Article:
The first thing to do in the deployment would be to deploy the code on staging slot. This is an important step.

The code should be always deployed to staging slot.

Then after the code deployment some health tests will follow. If everything goes as expected we will need to swap the slots.

The swap should be performed always from staging to production slot.

After those two steps on your release pipeline you will have your code published on the production app service and the staging slot will retain the previous build for failover and backup reasons.

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Creating Windows/Linux Web App terraform: (Site Name “” / Resource Group “”): web.AppsClient#CreateOrUpdate: Failure sending request: StatusCode=0 — Original Error: autorest/azure: Service returned an error. Status=

I was struggling to create an app service using Terraform with the error shown below. I could not find a way to resolve this as the error message was difficult to interpret.

Creating Windows/Linux Web App: (Site Name "" / Resource Group ""): web.AppsClient#CreateOrUpdate: Failure sending request: StatusCode=0 -- Original Error: autorest/azure: Service returned an error. Status=<nil> <nil>

The code for the service plan was simple enough and I was so confused about this behavior.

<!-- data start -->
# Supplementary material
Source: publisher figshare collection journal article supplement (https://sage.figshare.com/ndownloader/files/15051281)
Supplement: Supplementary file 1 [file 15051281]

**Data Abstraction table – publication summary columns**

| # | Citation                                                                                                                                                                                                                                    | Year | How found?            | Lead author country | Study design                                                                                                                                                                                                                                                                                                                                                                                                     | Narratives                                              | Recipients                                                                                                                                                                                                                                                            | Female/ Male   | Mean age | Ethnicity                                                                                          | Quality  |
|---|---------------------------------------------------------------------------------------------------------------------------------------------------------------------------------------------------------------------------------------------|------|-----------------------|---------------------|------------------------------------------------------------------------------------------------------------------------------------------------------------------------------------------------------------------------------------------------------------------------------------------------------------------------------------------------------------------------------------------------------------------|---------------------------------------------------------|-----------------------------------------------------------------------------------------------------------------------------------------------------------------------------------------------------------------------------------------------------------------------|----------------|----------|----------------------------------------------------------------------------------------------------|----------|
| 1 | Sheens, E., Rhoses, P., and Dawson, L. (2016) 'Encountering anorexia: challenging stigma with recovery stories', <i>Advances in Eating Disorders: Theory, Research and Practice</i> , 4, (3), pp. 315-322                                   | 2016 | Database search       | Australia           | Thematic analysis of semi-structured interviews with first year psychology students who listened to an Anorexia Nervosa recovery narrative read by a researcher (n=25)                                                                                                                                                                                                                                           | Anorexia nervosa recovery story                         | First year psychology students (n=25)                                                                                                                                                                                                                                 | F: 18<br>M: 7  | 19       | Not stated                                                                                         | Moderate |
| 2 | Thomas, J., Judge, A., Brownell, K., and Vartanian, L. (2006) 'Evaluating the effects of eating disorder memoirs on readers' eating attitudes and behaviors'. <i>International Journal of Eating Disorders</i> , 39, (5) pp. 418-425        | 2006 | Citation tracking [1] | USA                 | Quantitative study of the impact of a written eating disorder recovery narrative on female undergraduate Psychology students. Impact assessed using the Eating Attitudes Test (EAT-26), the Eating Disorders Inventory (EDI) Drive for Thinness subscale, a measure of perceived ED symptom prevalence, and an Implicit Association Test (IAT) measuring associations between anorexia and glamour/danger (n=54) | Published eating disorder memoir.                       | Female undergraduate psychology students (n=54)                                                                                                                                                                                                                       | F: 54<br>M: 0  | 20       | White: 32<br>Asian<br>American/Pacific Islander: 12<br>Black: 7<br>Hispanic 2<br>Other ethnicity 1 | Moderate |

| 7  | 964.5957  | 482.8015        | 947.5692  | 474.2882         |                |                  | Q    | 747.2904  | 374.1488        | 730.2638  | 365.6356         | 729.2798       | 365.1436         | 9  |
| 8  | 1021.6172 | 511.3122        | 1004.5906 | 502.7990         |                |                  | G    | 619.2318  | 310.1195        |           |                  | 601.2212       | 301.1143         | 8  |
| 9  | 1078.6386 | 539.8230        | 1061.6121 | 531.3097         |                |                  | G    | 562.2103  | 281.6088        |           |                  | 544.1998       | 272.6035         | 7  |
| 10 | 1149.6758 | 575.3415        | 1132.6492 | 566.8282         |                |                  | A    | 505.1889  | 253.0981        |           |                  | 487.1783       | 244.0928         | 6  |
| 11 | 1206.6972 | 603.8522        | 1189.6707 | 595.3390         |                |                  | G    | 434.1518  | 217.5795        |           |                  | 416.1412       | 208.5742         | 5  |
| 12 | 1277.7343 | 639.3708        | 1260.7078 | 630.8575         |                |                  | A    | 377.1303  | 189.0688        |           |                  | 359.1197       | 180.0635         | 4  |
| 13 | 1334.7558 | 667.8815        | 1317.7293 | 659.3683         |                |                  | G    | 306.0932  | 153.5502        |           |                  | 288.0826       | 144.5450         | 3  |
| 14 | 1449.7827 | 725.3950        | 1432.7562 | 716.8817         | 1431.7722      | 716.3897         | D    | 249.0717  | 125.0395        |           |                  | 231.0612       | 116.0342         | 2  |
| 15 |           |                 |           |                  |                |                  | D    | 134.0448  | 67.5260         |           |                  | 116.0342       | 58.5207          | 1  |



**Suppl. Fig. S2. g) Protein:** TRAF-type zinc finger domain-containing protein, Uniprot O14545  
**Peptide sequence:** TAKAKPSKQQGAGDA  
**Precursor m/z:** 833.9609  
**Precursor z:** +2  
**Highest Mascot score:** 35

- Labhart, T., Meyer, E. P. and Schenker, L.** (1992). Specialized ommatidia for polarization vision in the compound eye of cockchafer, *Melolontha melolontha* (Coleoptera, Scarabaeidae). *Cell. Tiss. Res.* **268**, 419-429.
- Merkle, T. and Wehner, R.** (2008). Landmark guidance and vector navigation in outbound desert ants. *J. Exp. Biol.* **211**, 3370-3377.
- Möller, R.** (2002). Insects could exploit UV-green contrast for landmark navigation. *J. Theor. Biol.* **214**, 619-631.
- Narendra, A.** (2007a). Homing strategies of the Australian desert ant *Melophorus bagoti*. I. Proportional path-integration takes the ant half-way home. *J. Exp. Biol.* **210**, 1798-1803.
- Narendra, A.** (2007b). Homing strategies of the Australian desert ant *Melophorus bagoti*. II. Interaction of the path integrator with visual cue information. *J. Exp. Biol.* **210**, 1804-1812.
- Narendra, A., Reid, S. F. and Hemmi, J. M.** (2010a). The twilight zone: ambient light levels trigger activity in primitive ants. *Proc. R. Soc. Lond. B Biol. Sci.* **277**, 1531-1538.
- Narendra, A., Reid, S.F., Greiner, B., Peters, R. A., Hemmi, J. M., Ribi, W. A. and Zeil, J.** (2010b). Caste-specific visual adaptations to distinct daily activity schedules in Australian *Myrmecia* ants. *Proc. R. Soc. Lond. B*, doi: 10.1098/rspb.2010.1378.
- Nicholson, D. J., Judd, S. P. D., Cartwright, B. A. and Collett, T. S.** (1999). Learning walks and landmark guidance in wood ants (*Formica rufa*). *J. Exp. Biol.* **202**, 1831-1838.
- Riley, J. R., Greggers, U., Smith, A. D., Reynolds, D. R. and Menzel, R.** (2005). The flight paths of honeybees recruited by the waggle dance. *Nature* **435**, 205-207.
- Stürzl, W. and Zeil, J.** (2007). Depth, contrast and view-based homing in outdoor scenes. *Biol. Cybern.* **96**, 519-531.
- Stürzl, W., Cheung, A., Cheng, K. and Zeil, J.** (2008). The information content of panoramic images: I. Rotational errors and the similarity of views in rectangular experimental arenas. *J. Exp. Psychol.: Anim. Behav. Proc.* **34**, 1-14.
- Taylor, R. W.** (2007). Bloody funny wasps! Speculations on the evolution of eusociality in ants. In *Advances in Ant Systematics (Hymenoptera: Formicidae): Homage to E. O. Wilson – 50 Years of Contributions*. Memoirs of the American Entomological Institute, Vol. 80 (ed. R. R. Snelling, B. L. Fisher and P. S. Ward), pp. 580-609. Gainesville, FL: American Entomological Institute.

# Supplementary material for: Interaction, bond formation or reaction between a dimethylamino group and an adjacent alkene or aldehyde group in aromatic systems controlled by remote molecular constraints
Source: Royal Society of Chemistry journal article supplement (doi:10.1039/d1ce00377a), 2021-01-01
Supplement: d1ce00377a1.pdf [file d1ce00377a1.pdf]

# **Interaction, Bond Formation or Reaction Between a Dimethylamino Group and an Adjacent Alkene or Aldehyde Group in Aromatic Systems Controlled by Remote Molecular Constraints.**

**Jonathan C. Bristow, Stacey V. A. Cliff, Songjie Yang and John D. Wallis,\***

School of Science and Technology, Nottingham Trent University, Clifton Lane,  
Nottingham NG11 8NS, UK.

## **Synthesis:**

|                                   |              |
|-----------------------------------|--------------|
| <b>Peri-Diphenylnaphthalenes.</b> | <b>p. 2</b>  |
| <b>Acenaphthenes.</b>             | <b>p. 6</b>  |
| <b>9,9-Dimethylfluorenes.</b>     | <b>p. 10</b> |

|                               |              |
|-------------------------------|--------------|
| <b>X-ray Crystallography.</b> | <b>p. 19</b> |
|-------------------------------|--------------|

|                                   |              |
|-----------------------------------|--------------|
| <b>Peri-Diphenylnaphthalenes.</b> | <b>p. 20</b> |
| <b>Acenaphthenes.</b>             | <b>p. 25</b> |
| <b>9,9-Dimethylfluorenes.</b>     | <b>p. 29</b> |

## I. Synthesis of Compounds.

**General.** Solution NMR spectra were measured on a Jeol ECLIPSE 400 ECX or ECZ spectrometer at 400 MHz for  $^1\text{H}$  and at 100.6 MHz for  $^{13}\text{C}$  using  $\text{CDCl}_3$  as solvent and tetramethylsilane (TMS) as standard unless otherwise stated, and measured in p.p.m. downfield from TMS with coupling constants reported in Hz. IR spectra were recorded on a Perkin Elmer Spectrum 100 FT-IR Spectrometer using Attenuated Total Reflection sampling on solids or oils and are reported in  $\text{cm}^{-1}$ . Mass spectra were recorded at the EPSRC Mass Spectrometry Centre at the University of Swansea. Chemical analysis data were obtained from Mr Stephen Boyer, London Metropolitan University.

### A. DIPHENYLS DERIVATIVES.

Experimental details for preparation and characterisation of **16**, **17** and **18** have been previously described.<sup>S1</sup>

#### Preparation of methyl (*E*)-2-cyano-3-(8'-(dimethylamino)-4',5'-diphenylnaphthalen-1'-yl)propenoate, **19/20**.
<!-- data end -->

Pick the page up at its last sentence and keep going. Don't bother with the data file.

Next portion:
resource "azurerm_resource_group" "rg" {
  name     = var.resource_group_name
  location = var.resource_group_location
}

resource "azurerm_service_plan" "app_service_plan" {
  name                = var.app_service_plan_name
  location            = azurerm_resource_group.rg.location
  resource_group_name = azurerm_resource_group.rg.name
  os_type             = "Windows"
  sku_name            = "F1"

}

resource "azurerm_windows_web_app" "app_service" {
  name                = var.app_service_name
  location            = azurerm_resource_group.rg.location
  resource_group_name = azurerm_resource_group.rg.name
  service_plan_id = azurerm_service_plan.app_service_plan.id

  site_config {
    use_32_bit_worker = true
  }
}

In order to resolve I enabled detailed debugging on terraform. As I was using Windows I used on powershell

$Env:TF_LOG = "TRACE"

and then I tried to run terraform apply again.

Terraform will provide detailed information about the running commands, so that I was able to determine the error.

Voila!

AlwaysOn should be disabled as there is a conflict.

In the documentation of azure web app one can find that always on is disabled by default however it does not seem to be correct.

https://registry.terraform.io/providers/hashicorp/azurerm/latest/docs/resources/windows_web_app#site_config

In order to resolve you should add the always_one variable to false.

  site_config {
    use_32_bit_worker = true
    always_on = false
  }

Then you can run terraform apply again, and the resource will be created.

Enable debugging on terraform for your OS:

https://support.hashicorp.com/hc/en-us/articles/360001113727-Enabling-debug-and-trace-run-logs-in-Terraform-CLI-Cloud-or-Enterprise

Update

I perfomed a PR in order to correct the wrong documentation and it has been merged. As a result the documentation will be correct counting from the next deploy.

[Docs fix]Correct docs for resource azurerm_windows_web_app by geralexgr · Pull Request #17051 · hashicorp/terraform-provider-azurerm (github.com)